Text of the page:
The iron needs of endurance athletes are greater than for non-athletes due to the iron losses that occur with each footstrike, and the loss in sweat. These needs are even greater for female runners because of menses. In addition, dietary intake of iron can be a limiting factor as well. Seventy-five percent of women aged 18 to 44 don’t eat enough iron-rich foods to meet their daily needs, so iron depletion is inevitable. And it doesn’t help that we absorb about 15% of the iron we ingest. The recommended daily allowance (RDA) for iron for women (11-50 years of age) is 15mg day and 10mg per day for men. During pregnancy iron needs increase to 30mg per day. Even though we know that endurance runners need more iron, there aren’t special iron recommendations for endurance athletes.
It is also very possible to have normal hemoglobin levels and have low iron stores (serum ferritin). Hemoglobin is the protein molecule attached to the red blood cell and is responsible for transporting oxygen to the various muscles and the lungs whereas serum ferritin is the storage form of iron in the body. Normal hemoglobin levels are between 11.5 -15.5g/dl and less than 11.5g/dl is considered anemia. Normal serum ferritin levels can range from 20ug/dl to 150ug/dl, yet some studies suggest that serum ferritin levels less than 30ug/dl to be iron depletion and 12ug/dl suggests exhaustion of iron stores. Athletes may feel tired and weak with low iron stores even though they are not anemic. The cut off levels for serum ferritin are very individual and may differ in athletes, so interpretation of low SF levels needs to be cautious. Anecdotal evidence suggests that serum ferritin levels around 50ug/dl or greater are preferred.
It has become standard practice in recent years to monitor an athlete's iron status by testing serum ferritin levels. However, there is no standardized ferritin level at which supplementation is recommended, nor is there a consensus as to the appropriate maintenance of ferritin. For example, an athlete experiencing symptoms of fatigue and has a serum ferritin level of 25ug/dl may be a candidate for iron supplementation and/or education regarding the importance of a balanced diet to maximize performance. Supplementation for the iron-depleted nonanemic athlete does not appear to be justified to solely improve performance. In fact, several studies show that supplementation with iron does not improve performance of iron-depleted nonanemic athletes. However, it is well-known that performance is diminished with anemia and is improved when the anemia is reversed.
The most prudent first step is to evaluate the athlete’s diet. It is possible that making a few dietary changes can improve iron stores. A diet rich in meats, beans and cereals combined with vitamin c rich foods can improve iron stores. Vitamin c increases the bioavailability of iron in the body. It is well established that the iron in animal sources, otherwise known as heme iron is better absorbed than iron from plant sources or non-heme iron. So meats are excellent sources of iron. A 3 oz portion of beef (visualize deck of cards) contains about 3 mg of iron. A cup of cereal can contain as much as 8 mg of iron, however, is not as well absorbed by the body. So eating iron-rich foods with vitamin c rich foods such as tomatoes, citrus fruits, strawberries, and broccoli can increase the amount of iron that is absorbed into the bloodstream. Cooking in a cast-iron skillet leaches iron into food.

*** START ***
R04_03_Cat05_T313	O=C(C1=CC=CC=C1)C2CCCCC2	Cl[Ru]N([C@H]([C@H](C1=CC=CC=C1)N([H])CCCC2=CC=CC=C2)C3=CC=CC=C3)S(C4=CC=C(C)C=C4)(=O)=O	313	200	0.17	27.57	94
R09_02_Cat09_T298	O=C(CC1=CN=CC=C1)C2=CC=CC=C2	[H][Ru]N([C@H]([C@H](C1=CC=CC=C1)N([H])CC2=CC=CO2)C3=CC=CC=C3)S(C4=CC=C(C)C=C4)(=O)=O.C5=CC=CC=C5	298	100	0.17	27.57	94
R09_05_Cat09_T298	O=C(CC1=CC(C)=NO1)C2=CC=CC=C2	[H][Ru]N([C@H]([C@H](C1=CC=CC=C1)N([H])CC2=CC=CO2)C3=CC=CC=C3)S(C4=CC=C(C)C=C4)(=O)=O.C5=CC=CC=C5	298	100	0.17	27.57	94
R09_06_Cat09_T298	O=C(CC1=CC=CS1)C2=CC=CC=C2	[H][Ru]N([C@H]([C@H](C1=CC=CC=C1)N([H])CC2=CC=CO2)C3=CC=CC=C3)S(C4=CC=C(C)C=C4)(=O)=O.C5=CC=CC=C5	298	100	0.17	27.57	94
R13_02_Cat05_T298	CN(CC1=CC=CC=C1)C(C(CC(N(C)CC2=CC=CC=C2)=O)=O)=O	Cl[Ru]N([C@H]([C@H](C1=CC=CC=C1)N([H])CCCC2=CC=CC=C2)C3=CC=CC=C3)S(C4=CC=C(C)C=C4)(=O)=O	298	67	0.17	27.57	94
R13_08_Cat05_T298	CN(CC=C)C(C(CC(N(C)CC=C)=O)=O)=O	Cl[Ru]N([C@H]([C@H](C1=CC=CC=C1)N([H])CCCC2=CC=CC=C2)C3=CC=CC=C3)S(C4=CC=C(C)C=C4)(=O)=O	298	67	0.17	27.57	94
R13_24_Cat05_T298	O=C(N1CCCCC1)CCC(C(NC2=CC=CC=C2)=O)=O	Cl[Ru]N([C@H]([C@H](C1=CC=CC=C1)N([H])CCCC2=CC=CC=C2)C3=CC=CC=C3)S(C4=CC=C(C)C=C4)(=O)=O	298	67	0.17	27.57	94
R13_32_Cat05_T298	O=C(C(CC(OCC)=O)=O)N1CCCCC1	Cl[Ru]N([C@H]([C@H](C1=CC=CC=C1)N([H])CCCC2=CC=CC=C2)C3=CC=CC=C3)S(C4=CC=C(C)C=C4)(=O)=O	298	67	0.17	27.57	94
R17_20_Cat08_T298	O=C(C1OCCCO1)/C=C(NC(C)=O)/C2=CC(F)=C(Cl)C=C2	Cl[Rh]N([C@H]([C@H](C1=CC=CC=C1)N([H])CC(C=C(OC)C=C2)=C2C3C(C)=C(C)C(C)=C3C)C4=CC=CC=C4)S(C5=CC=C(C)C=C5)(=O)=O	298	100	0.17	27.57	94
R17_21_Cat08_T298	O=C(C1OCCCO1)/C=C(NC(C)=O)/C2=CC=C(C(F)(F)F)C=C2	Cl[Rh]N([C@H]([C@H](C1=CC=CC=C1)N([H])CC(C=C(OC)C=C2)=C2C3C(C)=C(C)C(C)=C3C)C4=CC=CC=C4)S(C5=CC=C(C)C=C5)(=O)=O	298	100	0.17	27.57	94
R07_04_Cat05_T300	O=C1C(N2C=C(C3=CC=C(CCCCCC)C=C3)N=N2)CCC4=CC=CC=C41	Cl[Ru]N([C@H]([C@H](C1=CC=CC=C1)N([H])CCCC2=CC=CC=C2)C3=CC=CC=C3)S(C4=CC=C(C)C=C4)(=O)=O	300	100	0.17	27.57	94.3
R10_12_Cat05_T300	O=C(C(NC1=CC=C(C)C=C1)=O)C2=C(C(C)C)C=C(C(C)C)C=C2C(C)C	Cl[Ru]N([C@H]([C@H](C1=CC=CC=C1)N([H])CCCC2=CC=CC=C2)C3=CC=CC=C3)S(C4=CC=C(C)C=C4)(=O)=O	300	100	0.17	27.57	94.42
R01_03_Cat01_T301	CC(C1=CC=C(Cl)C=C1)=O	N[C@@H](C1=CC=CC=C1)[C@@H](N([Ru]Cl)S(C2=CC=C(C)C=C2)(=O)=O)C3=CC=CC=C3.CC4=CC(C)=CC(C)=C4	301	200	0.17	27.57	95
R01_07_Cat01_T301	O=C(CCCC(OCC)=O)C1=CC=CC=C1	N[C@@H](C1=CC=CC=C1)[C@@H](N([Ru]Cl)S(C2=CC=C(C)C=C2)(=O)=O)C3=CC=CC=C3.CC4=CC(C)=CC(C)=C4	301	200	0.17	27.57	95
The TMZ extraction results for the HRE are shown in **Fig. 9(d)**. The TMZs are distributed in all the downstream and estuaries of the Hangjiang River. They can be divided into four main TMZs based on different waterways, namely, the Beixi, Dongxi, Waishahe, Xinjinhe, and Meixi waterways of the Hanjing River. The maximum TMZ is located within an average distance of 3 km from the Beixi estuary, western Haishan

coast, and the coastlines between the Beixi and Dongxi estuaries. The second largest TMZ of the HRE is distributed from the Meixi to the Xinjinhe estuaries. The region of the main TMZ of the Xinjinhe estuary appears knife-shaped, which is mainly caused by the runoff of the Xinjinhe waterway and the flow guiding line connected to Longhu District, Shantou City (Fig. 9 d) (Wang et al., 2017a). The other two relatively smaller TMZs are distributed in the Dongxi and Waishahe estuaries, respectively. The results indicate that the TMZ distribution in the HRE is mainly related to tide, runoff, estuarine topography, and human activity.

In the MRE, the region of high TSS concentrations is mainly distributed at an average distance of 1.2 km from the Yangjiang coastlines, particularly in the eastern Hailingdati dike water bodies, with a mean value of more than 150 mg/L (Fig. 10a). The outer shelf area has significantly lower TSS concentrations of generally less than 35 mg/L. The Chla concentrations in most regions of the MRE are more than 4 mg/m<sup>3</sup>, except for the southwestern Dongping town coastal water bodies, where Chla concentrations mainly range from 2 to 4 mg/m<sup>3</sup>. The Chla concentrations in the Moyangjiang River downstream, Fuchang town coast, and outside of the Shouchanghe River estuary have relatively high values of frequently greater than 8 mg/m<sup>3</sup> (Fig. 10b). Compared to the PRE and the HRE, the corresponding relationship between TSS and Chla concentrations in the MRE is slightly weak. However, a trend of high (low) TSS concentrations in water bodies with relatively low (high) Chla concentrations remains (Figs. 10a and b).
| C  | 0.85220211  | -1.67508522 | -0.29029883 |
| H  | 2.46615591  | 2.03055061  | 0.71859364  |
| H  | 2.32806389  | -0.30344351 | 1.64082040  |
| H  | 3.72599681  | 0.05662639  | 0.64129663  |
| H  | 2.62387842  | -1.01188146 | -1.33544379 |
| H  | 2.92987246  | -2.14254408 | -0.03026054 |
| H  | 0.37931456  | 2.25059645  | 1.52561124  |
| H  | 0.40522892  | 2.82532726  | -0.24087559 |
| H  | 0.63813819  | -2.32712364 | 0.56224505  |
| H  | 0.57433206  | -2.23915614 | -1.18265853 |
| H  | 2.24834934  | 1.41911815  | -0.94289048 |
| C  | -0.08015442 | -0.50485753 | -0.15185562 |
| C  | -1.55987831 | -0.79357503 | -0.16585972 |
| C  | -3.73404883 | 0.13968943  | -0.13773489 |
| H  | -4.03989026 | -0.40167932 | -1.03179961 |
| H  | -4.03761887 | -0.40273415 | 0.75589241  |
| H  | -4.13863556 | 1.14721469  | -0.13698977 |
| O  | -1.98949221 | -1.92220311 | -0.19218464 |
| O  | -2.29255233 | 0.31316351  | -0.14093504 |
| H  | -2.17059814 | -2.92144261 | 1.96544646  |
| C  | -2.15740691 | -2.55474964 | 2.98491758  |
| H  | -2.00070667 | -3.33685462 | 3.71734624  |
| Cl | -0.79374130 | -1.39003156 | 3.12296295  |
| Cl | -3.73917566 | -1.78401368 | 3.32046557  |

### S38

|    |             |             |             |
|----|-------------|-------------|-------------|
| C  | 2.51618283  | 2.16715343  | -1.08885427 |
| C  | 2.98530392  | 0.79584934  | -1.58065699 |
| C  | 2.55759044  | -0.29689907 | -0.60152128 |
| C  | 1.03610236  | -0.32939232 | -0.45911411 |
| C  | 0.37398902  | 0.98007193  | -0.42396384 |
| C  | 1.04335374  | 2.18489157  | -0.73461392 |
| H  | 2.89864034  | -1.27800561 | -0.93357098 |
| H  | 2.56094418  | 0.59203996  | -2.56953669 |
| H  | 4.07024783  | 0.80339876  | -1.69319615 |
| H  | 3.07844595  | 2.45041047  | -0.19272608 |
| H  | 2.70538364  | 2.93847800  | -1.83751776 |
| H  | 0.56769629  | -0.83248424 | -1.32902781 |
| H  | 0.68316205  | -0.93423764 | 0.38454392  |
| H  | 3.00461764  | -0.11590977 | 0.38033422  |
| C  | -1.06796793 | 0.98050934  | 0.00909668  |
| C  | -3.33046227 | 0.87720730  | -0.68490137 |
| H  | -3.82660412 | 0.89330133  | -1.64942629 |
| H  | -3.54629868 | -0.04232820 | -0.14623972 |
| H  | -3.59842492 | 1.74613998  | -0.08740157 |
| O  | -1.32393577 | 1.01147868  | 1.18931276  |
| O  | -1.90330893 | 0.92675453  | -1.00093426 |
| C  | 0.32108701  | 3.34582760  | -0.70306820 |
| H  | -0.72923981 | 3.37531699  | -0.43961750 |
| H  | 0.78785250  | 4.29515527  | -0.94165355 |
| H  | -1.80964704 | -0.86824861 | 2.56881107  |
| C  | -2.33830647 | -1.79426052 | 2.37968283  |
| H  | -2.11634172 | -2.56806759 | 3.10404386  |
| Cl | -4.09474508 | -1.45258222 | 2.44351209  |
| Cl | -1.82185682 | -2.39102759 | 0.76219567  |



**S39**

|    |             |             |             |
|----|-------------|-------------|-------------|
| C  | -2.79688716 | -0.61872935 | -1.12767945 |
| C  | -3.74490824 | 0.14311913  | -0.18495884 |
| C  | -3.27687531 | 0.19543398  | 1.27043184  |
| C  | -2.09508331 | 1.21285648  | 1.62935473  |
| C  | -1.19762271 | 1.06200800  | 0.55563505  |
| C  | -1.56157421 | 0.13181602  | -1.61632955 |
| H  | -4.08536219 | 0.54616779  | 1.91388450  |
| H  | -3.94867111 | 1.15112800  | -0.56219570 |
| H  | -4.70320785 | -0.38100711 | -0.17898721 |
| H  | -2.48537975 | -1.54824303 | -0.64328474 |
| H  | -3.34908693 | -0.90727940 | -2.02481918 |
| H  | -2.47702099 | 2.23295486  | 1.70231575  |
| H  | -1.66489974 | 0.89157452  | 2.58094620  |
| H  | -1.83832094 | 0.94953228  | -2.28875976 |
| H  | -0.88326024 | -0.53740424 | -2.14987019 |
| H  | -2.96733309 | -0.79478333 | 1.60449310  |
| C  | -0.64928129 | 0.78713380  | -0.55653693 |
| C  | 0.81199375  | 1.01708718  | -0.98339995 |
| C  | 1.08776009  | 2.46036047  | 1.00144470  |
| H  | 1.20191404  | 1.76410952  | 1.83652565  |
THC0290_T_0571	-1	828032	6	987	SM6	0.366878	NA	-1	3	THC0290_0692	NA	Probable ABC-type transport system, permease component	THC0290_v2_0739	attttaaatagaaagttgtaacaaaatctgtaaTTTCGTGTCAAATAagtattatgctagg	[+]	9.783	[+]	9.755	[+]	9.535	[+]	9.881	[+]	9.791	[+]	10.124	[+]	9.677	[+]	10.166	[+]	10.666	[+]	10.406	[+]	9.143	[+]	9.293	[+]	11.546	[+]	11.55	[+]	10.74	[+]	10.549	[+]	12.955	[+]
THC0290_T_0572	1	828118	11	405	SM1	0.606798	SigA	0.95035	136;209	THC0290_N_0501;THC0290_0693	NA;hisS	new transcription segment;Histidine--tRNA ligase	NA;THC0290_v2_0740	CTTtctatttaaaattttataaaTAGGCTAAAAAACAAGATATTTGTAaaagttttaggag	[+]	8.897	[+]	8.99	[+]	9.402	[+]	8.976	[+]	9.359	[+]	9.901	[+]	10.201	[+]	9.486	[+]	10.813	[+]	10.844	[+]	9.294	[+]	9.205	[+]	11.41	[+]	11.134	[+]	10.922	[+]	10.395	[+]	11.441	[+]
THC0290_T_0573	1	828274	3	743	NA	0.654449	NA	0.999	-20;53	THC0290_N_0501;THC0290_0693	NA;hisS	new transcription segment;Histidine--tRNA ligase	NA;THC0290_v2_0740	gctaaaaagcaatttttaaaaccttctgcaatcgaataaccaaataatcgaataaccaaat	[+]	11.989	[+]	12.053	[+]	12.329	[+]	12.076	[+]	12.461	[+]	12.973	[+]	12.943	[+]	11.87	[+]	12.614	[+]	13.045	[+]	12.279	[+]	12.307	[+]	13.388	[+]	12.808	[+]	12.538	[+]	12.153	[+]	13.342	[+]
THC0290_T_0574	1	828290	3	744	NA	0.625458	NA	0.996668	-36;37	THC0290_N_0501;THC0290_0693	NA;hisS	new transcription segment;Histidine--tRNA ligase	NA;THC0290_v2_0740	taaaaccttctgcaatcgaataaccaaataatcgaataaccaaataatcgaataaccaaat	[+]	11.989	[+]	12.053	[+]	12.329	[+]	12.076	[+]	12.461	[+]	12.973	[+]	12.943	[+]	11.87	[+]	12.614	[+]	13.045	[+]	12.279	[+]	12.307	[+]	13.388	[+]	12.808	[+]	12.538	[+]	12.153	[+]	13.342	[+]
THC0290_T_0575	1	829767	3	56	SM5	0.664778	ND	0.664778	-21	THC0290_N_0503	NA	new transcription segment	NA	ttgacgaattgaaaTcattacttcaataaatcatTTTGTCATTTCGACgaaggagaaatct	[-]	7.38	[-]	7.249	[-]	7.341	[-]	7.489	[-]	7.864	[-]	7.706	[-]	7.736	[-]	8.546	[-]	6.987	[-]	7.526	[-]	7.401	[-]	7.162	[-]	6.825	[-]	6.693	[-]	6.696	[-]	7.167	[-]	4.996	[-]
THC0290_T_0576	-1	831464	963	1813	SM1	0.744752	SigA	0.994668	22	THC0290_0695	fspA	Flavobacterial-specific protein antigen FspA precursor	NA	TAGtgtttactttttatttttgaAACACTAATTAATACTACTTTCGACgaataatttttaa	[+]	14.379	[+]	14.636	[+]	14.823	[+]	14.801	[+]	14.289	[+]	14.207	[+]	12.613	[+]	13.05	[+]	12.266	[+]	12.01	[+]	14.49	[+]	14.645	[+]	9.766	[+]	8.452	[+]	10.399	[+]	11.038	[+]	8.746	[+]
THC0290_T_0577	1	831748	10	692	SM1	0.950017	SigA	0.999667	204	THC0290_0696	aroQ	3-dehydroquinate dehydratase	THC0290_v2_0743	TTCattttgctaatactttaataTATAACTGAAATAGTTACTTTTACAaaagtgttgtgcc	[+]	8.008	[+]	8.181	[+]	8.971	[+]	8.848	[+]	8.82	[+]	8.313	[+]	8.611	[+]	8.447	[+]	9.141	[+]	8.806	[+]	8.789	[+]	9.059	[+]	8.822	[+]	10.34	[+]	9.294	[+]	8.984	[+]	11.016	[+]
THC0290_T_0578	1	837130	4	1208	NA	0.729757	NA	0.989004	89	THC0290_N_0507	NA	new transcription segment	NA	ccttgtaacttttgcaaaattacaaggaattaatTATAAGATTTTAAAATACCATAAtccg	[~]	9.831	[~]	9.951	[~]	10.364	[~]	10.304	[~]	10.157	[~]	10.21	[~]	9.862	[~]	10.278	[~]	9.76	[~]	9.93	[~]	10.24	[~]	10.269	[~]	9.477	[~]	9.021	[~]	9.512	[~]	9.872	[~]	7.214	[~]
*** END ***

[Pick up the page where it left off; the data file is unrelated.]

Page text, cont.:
Also note that the absorption of iron is inhibited by tannins found in tea and coffee, food additives such as phosphates found in soft drinks and certain preservatives. It is also decreased with excessive intake of certain minerals such as zinc and calcium
When a concerted effort has been made to increase dietary intake of iron and fatigue and low levels of serum ferritin and /or hemoglobin still persist, iron supplementation may be necessary until normal levels are achieved. Ferrous sulfate is the preferred form of iron since it has a high absorption rate. A typical dose of 50 to 100mg of elemental iron, 2 or 3 times a day taken with 500mg of vitamin c or with some orange juice will help absorption. Since high levels of iron can cause constipation or diarrhea, a liquid iron supplement may be preferable. Usually iron levels are restored within 60 days of therapeutic doses of supplemental iron.
· Lean cuts of beef, pork, lamb
· Skinless turkey, and chicken
· Iron-enriched cereals, breads, and pastas
· Green leafy vegetables
· Beans and dried peas
· Eggs (the yolk)
These foods eaten with vitamin c rich foods will aid in absorption. Listed below are examples with food rich in vitamin c:
- Citrus fruits (oranges, grapefruits)
- Juices fortified with vitamin c
- Bell peppers